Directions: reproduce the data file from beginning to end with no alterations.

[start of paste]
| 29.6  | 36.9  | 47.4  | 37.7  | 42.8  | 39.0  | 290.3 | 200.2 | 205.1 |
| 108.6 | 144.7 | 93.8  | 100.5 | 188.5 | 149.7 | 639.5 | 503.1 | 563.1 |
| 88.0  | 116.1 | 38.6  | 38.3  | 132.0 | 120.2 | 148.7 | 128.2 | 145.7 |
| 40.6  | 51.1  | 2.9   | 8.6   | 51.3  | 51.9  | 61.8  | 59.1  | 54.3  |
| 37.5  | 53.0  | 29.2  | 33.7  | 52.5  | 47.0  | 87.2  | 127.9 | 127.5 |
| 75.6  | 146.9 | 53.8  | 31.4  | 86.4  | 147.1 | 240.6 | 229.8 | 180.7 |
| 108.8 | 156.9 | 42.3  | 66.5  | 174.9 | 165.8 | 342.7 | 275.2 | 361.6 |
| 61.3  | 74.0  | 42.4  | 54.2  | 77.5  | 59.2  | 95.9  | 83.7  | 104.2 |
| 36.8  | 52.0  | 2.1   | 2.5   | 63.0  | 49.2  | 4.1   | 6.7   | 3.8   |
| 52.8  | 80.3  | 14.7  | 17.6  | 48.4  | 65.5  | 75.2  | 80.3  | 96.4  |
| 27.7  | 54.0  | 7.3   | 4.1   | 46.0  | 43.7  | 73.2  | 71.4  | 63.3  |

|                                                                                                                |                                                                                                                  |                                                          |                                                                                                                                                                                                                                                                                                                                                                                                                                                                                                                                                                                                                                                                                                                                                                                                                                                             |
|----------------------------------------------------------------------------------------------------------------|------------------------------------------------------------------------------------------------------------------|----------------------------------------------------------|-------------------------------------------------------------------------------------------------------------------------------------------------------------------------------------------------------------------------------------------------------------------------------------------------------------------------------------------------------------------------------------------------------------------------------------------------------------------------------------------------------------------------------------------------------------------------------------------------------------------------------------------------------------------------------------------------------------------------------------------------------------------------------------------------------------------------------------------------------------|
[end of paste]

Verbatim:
| 29.6  | 36.9  | 47.4  | 37.7  | 42.8  | 39.0  | 290.3 | 200.2 | 205.1 |
| 108.6 | 144.7 | 93.8  | 100.5 | 188.5 | 149.7 | 639.5 | 503.1 | 563.1 |
| 88.0  | 116.1 | 38.6  | 38.3  | 132.0 | 120.2 | 148.7 | 128.2 | 145.7 |
| 40.6  | 51.1  | 2.9   | 8.6   | 51.3  | 51.9  | 61.8  | 59.1  | 54.3  |
| 37.5  | 53.0  | 29.2  | 33.7  | 52.5  | 47.0  | 87.2  | 127.9 | 127.5 |
| 75.6  | 146.9 | 53.8  | 31.4  | 86.4  | 147.1 | 240.6 | 229.8 | 180.7 |
| 108.8 | 156.9 | 42.3  | 66.5  | 174.9 | 165.8 | 342.7 | 275.2 | 361.6 |
| 61.3  | 74.0  | 42.4  | 54.2  | 77.5  | 59.2  | 95.9  | 83.7  | 104.2 |
| 36.8  | 52.0  | 2.1   | 2.5   | 63.0  | 49.2  | 4.1   | 6.7   | 3.8   |
| 52.8  | 80.3  | 14.7  | 17.6  | 48.4  | 65.5  | 75.2  | 80.3  | 96.4  |
| 27.7  | 54.0  | 7.3   | 4.1   | 46.0  | 43.7  | 73.2  | 71.4  | 63.3  |

|                                                                                                                |                                                                                                                  |                                                          |                                                                                                                                                                                                                                                                                                                                                                                                                                                                                                                                                                                                                                                                                                                                                                                                                                                             |
|----------------------------------------------------------------------------------------------------------------|------------------------------------------------------------------------------------------------------------------|----------------------------------------------------------|-------------------------------------------------------------------------------------------------------------------------------------------------------------------------------------------------------------------------------------------------------------------------------------------------------------------------------------------------------------------------------------------------------------------------------------------------------------------------------------------------------------------------------------------------------------------------------------------------------------------------------------------------------------------------------------------------------------------------------------------------------------------------------------------------------------------------------------------------------------|